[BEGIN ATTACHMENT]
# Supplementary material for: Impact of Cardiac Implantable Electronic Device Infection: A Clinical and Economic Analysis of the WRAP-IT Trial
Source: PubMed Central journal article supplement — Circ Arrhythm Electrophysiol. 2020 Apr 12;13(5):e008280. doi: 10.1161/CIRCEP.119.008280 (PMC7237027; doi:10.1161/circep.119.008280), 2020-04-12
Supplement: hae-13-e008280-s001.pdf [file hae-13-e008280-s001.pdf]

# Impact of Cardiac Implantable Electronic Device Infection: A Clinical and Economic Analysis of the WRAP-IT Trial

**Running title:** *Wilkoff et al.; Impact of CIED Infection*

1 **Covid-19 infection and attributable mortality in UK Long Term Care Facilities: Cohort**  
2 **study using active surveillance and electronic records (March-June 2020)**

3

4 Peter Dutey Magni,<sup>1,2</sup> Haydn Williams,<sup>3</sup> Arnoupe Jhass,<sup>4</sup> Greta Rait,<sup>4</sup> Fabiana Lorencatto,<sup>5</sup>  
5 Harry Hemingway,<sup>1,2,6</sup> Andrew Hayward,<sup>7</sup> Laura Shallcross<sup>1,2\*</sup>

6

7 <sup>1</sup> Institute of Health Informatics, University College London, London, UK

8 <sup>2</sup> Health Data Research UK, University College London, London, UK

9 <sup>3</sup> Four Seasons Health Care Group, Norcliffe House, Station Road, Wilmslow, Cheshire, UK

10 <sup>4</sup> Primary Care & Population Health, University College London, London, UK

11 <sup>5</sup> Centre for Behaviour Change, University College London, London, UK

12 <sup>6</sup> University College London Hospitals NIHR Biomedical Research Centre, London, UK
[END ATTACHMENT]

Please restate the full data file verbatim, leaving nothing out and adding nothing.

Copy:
# Supplementary material for: Impact of Cardiac Implantable Electronic Device Infection: A Clinical and Economic Analysis of the WRAP-IT Trial
Source: PubMed Central journal article supplement — Circ Arrhythm Electrophysiol. 2020 Apr 12;13(5):e008280. doi: 10.1161/CIRCEP.119.008280 (PMC7237027; doi:10.1161/circep.119.008280), 2020-04-12
Supplement: hae-13-e008280-s001.pdf [file hae-13-e008280-s001.pdf]

# Impact of Cardiac Implantable Electronic Device Infection: A Clinical and Economic Analysis of the WRAP-IT Trial

**Running title:** *Wilkoff et al.; Impact of CIED Infection*

1 **Covid-19 infection and attributable mortality in UK Long Term Care Facilities: Cohort**  
2 **study using active surveillance and electronic records (March-June 2020)**

3

4 Peter Dutey Magni,<sup>1,2</sup> Haydn Williams,<sup>3</sup> Arnoupe Jhass,<sup>4</sup> Greta Rait,<sup>4</sup> Fabiana Lorencatto,<sup>5</sup>  
5 Harry Hemingway,<sup>1,2,6</sup> Andrew Hayward,<sup>7</sup> Laura Shallcross<sup>1,2\*</sup>

6

7 <sup>1</sup> Institute of Health Informatics, University College London, London, UK

8 <sup>2</sup> Health Data Research UK, University College London, London, UK

9 <sup>3</sup> Four Seasons Health Care Group, Norcliffe House, Station Road, Wilmslow, Cheshire, UK

10 <sup>4</sup> Primary Care & Population Health, University College London, London, UK

11 <sup>5</sup> Centre for Behaviour Change, University College London, London, UK

12 <sup>6</sup> University College London Hospitals NIHR Biomedical Research Centre, London, UK